Admittedly, I only watched about 45 actual minutes of the 85th Academy Awards ceremony on Sunday, but what I saw I generally liked.
I know friends and relatives who will watch the entire production, from 4:30 Sunday afternoon when they start the red carpet until the show ends at 11:30 p.m., but I don’t have the constitution for that.
Thankfully, the Internet had me filled in Monday morning within about half an hour of browsing.
Host Seth MacFarlane brought his sense of humor to the opening monologue, a long stream-of-conscious number full of his three favorite subjects – pop culture references, song and dance numbers, and pretty creatively sexist humor.
While I don’t regularly watch any of his shows, I find them to be generally hilarious, and I appreciated seeing his take on how the show should be hosted.
I also liked how the show was produced to make it look like it was a work in progress, with jokes that actually included the actors in the audience like Jennifer Lawrence and Charlize Theron.
But when it comes to the Oscars, the hosting and joking always plays a distant second to the movies and their stars.
I was not surprised to see “Argo” win for best picture, but by the time I had watched the end of it for the first time last week, I convinced myself it wouldn’t win.
While it’s a great film, I thought Ben Affleck didn’t really act very much in it.
His performance seemed shallow and one-dimensional, and you don’t really get a sense of what makes his character crucial to getting the hostages out of Iran.
As for the other nominees, I would have liked to see “Silver Linings Playbook” win, but it doesn’t have the historical scope present in “Lincoln” or “Les Miserables.”
Another shoe-in, Daniel Day-Lewis, won a record third Oscar for best actor.
Again, no big surprise, but what I find more interesting about his work was that he was in character as Abraham Lincoln for nine months in preparation.
That just seems downright bizarre. Sure, it makes for great character portrayal, but how did he send texts or order a sandwich?
After Sunday night, the world is in love with Jennifer Lawrence, who won the best actress award for her work on “Playbook,” and she actually charmed people by falling down while walking up to the podium.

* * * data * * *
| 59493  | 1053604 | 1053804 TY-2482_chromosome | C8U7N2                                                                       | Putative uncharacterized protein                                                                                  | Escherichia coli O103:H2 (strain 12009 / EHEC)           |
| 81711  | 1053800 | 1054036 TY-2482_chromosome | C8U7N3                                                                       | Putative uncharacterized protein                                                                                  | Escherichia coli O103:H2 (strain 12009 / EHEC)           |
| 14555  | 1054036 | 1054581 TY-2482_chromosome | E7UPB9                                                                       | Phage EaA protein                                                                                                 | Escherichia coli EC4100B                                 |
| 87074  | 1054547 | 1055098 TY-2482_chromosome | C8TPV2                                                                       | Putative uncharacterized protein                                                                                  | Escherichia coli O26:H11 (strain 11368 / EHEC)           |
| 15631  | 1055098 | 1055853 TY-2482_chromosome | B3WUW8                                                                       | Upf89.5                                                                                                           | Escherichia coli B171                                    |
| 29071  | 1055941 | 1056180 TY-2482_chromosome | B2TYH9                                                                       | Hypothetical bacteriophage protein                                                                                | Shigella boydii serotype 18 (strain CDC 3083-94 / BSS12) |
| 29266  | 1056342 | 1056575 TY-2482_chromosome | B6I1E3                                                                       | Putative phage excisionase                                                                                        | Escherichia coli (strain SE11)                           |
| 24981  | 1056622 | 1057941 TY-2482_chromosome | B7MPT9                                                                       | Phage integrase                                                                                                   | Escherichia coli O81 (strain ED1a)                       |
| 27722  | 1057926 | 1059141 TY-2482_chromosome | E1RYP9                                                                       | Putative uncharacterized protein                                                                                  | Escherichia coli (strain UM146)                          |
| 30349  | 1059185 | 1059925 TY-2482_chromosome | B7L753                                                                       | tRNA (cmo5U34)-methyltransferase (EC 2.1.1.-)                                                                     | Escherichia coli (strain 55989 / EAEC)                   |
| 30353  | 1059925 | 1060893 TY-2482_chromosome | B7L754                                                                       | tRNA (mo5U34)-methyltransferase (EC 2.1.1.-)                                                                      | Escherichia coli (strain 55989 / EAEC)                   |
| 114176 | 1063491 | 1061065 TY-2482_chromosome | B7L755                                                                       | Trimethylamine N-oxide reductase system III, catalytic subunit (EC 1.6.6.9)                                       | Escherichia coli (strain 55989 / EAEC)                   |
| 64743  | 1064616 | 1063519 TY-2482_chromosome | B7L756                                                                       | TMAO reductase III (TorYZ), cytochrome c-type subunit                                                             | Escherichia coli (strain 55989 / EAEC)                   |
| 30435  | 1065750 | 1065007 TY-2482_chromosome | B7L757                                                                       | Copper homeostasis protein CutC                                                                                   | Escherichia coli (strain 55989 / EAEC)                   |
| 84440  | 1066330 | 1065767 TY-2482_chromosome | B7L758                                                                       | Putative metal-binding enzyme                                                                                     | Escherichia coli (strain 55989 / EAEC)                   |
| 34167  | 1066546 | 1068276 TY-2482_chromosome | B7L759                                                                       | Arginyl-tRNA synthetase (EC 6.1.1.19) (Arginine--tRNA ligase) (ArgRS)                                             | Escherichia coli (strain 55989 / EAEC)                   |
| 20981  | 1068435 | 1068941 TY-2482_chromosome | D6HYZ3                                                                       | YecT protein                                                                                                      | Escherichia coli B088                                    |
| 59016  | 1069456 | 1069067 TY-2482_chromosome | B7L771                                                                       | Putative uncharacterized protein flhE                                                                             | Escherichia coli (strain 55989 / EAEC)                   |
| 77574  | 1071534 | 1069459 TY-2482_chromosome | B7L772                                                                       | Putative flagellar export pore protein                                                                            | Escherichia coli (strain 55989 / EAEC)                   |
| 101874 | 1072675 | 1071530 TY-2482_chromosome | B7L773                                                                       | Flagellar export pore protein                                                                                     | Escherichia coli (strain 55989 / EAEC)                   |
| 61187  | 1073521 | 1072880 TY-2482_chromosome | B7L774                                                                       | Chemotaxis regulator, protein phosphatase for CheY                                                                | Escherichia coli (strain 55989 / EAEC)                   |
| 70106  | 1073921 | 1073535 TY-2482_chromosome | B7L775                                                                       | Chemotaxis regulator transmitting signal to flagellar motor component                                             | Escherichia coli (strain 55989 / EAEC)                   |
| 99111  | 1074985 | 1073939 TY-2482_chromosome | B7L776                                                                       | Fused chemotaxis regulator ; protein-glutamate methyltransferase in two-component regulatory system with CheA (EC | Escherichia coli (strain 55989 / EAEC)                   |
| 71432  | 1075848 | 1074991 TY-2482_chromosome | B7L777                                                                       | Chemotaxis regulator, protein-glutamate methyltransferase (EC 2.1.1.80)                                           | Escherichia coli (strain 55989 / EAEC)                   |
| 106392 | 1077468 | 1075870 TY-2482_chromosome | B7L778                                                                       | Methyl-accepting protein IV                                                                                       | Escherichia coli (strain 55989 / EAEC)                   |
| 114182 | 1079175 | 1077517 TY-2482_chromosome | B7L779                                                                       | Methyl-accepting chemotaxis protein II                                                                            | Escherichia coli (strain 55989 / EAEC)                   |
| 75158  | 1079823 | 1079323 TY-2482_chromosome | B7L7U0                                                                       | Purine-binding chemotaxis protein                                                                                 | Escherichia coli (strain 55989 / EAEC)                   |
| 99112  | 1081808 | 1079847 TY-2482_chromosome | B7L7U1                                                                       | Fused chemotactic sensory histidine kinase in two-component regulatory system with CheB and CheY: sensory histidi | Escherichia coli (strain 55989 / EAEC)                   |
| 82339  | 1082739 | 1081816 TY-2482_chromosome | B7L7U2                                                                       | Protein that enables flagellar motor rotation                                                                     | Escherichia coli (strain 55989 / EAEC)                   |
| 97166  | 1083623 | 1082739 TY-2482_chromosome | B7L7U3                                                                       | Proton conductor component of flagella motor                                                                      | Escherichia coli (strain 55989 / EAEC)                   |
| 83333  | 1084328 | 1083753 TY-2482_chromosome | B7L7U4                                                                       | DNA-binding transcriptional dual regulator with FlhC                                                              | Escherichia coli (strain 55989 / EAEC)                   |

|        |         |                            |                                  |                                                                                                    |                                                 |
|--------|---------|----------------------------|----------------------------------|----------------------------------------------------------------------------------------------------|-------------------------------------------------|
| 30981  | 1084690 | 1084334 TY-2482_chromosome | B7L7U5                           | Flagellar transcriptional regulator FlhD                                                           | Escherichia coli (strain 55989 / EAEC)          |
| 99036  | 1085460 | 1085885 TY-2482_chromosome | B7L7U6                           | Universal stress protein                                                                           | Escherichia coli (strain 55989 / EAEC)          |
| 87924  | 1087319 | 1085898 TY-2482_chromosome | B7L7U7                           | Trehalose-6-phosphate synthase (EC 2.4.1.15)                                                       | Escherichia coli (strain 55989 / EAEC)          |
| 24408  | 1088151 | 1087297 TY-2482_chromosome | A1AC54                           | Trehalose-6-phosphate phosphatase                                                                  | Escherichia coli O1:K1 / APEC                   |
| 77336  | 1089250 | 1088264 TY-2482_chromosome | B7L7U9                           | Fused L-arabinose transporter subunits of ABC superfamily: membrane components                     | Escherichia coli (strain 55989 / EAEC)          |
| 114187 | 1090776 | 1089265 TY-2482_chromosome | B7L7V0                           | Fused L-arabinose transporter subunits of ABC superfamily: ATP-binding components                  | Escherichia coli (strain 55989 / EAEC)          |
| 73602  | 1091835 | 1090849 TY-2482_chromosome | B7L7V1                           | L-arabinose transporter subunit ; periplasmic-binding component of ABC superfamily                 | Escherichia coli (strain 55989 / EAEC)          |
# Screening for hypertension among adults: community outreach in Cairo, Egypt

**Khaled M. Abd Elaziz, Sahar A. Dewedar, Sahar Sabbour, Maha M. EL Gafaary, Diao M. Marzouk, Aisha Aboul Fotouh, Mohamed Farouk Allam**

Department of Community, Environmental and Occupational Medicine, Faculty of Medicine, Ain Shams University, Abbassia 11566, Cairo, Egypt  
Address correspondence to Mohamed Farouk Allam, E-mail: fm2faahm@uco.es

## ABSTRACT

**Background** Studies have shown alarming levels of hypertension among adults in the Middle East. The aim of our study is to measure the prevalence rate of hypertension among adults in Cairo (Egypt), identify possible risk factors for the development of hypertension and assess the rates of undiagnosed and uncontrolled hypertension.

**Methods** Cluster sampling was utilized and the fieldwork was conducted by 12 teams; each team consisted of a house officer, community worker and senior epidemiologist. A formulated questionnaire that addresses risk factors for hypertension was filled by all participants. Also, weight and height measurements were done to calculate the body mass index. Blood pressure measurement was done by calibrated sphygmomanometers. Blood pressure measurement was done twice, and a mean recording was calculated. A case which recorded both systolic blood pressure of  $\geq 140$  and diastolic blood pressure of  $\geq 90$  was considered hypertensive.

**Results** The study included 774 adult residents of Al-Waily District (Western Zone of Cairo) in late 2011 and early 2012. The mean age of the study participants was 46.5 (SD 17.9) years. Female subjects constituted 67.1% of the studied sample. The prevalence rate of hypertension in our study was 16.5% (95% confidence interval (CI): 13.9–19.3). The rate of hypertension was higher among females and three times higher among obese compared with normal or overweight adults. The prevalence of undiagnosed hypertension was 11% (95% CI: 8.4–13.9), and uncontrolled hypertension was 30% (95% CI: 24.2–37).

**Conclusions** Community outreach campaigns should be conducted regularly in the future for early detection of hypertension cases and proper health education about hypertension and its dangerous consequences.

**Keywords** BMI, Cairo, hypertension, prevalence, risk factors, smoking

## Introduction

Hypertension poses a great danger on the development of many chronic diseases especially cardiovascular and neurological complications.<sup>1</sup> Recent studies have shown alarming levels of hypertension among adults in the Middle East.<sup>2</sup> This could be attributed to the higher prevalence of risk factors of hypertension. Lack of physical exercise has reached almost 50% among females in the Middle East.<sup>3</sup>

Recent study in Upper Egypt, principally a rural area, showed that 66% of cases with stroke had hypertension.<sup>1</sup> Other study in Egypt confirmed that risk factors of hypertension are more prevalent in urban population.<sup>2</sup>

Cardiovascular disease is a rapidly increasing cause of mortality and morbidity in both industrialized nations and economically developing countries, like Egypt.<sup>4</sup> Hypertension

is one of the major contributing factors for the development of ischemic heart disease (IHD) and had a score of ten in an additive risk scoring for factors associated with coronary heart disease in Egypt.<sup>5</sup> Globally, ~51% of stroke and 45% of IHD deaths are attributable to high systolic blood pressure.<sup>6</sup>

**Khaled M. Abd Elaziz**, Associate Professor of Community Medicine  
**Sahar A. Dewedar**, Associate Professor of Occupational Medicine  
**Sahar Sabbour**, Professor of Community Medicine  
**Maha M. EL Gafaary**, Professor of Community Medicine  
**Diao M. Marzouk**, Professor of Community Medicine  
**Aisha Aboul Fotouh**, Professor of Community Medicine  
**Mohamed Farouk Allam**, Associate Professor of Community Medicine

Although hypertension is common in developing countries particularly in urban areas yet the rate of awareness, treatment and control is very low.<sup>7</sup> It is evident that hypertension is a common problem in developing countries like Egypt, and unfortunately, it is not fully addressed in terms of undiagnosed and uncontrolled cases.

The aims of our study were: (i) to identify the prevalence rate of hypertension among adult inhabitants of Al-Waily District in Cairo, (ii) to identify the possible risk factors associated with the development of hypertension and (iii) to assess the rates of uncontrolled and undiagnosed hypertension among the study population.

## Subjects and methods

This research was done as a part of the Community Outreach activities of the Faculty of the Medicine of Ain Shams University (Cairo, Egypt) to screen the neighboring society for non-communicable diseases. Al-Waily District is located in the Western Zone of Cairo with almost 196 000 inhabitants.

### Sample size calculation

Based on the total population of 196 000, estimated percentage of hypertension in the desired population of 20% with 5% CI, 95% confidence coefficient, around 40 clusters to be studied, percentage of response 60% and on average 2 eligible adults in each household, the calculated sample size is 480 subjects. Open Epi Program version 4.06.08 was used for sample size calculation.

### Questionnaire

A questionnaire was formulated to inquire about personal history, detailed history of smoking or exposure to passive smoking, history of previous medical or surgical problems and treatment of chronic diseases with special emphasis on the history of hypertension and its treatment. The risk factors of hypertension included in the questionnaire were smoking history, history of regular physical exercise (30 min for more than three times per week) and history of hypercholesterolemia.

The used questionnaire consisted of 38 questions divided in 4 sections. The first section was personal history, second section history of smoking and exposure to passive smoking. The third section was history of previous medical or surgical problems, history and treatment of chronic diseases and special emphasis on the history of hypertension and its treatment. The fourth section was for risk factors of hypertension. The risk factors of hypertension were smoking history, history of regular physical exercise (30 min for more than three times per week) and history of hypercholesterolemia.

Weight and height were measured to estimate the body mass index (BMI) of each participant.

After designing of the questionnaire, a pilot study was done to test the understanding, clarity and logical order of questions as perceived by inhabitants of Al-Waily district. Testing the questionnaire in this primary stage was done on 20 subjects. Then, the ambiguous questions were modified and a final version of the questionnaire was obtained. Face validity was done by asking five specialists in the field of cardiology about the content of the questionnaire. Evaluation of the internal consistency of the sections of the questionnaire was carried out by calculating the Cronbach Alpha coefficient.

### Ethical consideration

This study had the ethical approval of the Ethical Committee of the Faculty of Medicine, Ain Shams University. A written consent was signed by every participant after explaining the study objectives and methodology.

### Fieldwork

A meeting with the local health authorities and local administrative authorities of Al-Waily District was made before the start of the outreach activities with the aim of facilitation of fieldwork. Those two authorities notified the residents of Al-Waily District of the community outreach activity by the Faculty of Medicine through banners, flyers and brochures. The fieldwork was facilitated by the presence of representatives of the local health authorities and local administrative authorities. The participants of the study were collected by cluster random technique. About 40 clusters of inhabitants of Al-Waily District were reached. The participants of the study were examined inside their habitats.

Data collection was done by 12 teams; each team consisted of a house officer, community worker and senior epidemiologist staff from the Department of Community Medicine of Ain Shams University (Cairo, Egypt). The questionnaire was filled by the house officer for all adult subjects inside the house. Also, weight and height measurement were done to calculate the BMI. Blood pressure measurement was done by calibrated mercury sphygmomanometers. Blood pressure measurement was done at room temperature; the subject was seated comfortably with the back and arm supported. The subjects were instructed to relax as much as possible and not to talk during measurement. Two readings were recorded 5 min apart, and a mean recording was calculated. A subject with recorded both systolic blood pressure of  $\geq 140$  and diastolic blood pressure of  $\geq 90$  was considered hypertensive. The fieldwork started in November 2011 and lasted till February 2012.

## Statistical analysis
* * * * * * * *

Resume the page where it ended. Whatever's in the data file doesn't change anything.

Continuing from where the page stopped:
I’ve got a sawbuck that says she’s the Renee Zellweger of whatever we’ve decide to call this decade.
Most of the other winners were pretty much standard, although it didn’t make sense to me for Christoph Waltz to win a second best actor in a supporting role for being good in two Quentin Tarantino movies within a few years.
Robert DeNiro was amazing in “Playbook,” and he played a soft and sentimental role as opposed to his tough guy gangster façade.
One interesting thing happened when Ang Lee won best director for “Life of Pi;” Steven Spielberg was handed yet another snub.
I’ve written before about how the academy has famously given a few directors the proverbial middle finger – the most egregious honor was bestowed upon Stanley Kubrick – and they are keeping that tradition alive, somewhat.
While he did win best director in 1998 for “Saving Private Ryan,” he has not won the award ever since despite numerous nominations.
I think the most interesting thing that I saw throughout the whole program was when the award for visual effects was given.
Bill Westenhofer, supervisor on “Life of Pi,” was giving his acceptance speech when suddenly the theme from “Jaws” played very loudly and he and his cronies were ushered off the stage.
It’s been said Westenhofer was about to address the lack of union organization among visual effects houses and the producers of the show did not want to hear anything about it.
Over the past 10 years, many successful visual effects companies have gone bankrupt despite winning Academy Awards for their efforts.
It’s a provocative play on whether winning an Oscar is good or bad for anyone's Hollywood career.
If I had to pick a quote to pinpoint this year’s Oscars I’d turn to my dear friend and former teacher Bryan Wofford, who once offered me a cup of Kool-Aid while hiking the Appalachian Trail, saying “It is not great – but it is decent.”